Meet Shaylin Laure: Semifinals Competitor Who Trains Just Three Times a Week
The views about law enforcement in this article are the views of Shaylin Laure, and do not reflect the views of the FBI.
While most athletes competing at next weekend’s Mid-Atlantic CrossFit Challenge in Knoxville, TN train six times a week or more, Shaylin Laure qualified to the Semifinals after skipping the gym for the entire month of November, and working out just three times a week from January until March.
- It’s not that she’s a slacker; it’s that she has a pretty important career as an FBI agent in the violent crimes division of the Bureau in Raleigh, NC.
The details: Laure, a former gymnast, college rugby player and military infantry officer, works 50 hours a week and is on call 24/7.
- This means “there are some weeks where I don’t make it to the gym a single time because of the urgency of an investigation,” said the 28 year-old. “Other times, I’ll be at the gym warming up to train and I’ll get a call that we’re needed immediately. It adds a level of difficulty to training because no matter how well we plan out our time, there’s no guarantee that we’re going to make it to the gym that day or that week.”
- She admits it can be frustrating sometimes, but “the importance of my job is my priority, so it’s not even a question. If I’m at work at an odd hour, it’s for a good reason, and that’s far more important to me than getting in my workout,” said Laure, who started CrossFit in 2017 and completed the Open for the first time this year.
- None of this, however, stopped Laure from winning the recent Occupational Games, where she boasted a 262-pound four-rep max front squat, and, of course, qualifying to the Semifinals along with some of the fittest athletes in the world.
- She credits her success to “strong consistency as an athlete throughout my life,” she said.“I started gymnastics when I was 3, and never stopped after that, so I think my muscle development gives me a base even if I can’t make it to the gym as much as I’d like.”
One big thing: Laure admits that the recent rise of anti-law enforcement sentiment in the United States is sometimes hard to deal with and adds to the stress of her job. This is part of the reason she decided to compete in the recent Occupational Games.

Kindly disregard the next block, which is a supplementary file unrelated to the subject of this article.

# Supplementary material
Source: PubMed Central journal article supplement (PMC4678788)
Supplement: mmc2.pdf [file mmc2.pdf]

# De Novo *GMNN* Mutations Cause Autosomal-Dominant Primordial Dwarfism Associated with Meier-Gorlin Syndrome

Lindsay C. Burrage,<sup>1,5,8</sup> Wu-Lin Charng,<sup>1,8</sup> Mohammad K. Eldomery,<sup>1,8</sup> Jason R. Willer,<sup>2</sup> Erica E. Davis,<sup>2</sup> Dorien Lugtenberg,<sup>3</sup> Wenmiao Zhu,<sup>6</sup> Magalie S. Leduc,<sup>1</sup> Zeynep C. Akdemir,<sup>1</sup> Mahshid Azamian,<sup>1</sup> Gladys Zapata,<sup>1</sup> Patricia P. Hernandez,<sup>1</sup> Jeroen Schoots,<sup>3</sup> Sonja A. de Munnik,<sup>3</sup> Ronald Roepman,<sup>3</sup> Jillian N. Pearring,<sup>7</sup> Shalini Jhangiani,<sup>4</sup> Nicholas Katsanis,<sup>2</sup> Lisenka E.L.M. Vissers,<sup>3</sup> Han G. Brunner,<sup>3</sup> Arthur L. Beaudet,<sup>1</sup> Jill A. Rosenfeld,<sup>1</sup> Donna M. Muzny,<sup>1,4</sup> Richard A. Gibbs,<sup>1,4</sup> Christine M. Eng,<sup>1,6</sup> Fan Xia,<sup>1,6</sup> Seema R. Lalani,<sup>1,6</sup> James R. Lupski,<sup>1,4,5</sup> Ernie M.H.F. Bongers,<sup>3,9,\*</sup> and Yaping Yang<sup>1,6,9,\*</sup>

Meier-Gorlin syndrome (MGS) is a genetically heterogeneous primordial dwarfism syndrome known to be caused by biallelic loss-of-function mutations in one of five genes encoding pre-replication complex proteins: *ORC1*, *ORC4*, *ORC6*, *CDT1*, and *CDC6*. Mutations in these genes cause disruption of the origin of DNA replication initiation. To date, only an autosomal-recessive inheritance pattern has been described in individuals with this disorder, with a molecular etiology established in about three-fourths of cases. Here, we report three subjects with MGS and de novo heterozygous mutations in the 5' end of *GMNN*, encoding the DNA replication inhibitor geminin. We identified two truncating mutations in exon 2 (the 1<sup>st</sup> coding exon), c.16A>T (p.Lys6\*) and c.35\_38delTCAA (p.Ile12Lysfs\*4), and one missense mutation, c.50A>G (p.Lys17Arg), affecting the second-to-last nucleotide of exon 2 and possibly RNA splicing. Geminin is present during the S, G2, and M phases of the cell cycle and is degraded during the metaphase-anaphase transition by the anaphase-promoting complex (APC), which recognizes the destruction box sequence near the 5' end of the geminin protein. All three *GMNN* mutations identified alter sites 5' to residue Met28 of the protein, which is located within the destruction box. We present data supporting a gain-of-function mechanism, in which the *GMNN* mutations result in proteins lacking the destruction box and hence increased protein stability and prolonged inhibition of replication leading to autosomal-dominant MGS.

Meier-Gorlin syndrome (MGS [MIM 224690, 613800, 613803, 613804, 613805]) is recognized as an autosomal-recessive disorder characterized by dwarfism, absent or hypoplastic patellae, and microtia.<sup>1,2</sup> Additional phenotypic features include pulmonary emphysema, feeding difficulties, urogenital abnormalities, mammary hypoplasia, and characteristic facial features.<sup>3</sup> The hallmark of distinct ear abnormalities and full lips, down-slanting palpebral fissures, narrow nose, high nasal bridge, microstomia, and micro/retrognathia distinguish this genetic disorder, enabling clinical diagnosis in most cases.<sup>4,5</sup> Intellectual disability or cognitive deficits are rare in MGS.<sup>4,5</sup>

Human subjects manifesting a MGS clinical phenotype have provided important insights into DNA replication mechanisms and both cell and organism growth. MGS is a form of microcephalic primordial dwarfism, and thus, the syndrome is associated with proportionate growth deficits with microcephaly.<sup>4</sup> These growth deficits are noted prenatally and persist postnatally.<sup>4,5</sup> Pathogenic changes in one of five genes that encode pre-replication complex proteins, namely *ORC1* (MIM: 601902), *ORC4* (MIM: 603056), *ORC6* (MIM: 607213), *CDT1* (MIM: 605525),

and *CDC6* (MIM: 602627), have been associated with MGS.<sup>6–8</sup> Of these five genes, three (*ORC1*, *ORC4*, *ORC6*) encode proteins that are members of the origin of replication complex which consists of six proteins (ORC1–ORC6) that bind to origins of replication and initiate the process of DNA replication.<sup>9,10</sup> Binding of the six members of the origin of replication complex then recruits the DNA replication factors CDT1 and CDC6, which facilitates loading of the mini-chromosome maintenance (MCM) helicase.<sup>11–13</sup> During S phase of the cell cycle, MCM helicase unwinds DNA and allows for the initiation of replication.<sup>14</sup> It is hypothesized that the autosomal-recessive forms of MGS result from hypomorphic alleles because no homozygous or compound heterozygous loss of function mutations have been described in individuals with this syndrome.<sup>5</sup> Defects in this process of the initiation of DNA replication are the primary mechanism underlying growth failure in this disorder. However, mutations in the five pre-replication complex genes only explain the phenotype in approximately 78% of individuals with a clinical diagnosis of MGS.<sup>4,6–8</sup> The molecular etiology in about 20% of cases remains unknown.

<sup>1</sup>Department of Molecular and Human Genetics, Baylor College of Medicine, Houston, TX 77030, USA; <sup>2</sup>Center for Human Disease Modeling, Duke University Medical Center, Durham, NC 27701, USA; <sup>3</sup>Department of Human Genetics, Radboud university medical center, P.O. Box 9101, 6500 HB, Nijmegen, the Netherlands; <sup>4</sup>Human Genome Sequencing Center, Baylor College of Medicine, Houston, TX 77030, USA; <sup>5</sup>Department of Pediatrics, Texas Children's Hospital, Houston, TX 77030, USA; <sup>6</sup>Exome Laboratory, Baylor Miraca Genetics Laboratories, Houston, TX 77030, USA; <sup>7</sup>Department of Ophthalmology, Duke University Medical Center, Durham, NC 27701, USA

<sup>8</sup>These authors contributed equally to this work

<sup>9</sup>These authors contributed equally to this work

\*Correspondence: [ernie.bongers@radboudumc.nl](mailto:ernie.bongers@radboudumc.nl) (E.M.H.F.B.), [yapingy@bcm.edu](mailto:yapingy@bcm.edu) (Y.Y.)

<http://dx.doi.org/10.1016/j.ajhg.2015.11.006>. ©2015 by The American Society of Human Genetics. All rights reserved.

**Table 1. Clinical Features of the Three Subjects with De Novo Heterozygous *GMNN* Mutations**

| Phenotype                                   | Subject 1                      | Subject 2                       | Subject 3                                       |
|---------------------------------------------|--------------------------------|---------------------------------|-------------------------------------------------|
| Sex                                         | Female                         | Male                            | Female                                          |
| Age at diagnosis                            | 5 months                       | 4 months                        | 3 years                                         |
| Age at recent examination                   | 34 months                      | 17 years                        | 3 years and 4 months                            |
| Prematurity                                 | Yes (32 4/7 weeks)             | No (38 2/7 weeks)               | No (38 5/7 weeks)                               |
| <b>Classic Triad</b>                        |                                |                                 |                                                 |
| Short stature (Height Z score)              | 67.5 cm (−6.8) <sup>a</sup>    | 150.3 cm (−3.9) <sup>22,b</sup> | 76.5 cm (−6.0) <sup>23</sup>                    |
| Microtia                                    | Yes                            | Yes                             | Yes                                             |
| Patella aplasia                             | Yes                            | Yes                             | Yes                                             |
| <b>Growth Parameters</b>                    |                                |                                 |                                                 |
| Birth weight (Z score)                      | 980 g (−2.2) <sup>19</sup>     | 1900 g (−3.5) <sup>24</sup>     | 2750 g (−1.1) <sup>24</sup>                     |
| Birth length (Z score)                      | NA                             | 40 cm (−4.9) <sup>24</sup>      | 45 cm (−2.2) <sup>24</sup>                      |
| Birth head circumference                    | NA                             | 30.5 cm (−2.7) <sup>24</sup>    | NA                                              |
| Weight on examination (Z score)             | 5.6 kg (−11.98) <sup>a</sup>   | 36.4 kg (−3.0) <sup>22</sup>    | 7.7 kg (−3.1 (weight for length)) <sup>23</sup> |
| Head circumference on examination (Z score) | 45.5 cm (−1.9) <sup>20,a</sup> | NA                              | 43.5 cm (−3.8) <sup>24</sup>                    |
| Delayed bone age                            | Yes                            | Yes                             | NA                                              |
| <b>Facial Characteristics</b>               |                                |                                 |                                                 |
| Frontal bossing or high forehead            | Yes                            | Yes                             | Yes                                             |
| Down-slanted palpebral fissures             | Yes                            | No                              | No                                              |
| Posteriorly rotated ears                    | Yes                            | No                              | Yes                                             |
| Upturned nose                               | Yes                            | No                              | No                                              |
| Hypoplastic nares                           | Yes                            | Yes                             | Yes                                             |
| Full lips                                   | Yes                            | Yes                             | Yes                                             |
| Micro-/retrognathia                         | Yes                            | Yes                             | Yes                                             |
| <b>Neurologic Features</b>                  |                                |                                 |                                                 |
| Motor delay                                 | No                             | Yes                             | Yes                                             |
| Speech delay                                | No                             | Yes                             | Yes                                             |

- “The people you’re protecting are sometimes the people who are trying to harm you. That adds a layer of stress,” Laure said. “With all the negativity with law enforcement, I wanted to bring some positivity to our department and to law enforcement.”
- The Occupational Games experience did not disappoint. Throughout the weekend, Laure bonded with both the second and third place finishers, Nicole Heer from Switzerland and Kathrine Juul Hachenberger from Denmark. “Most women who are in a competitive field aren’t building each other up. But we were literally in a competition against each other, but we encouraged and supported each other (all weekend).”
- She added: “And we need to. We’re the underdogs. About 10 percent of law enforcement are females, so we have to stick together.”
Laure’s message: To those who feel negatively toward law enforcement, Laure offered this:
- “Police officers are human, too. (A journalist) doesn’t submit a first draft for the world to see, but we don’t get a second draft. The entire world judges us off split second decisions (in tough situations), so have grace that we’re human, too,” she said.
The big picture: This year, Laure is just happy and honored to compete at Semifinals, as it wasn’t even her goal to qualify, but now that she knows she can be as good as she is “on this little bit of training,” she is rethinking her future goals.
- “I train for stress relief and general health. I don’t think the Games are realistic for me this year, but now (heading into next) season, I’m going to start training to compete,” she said. That being said, her number one priority, and passion, will always be her career, a career she’s incredibly proud to have even in today’s climate.
- “I love that I get the opportunity to put something positive into generally negative situations. We don’t get called for good things, so the way we conduct ourselves and can sympathize with victims can make the worst day of their lives somewhat less bad, is a huge responsibility, but also an honor,” she said.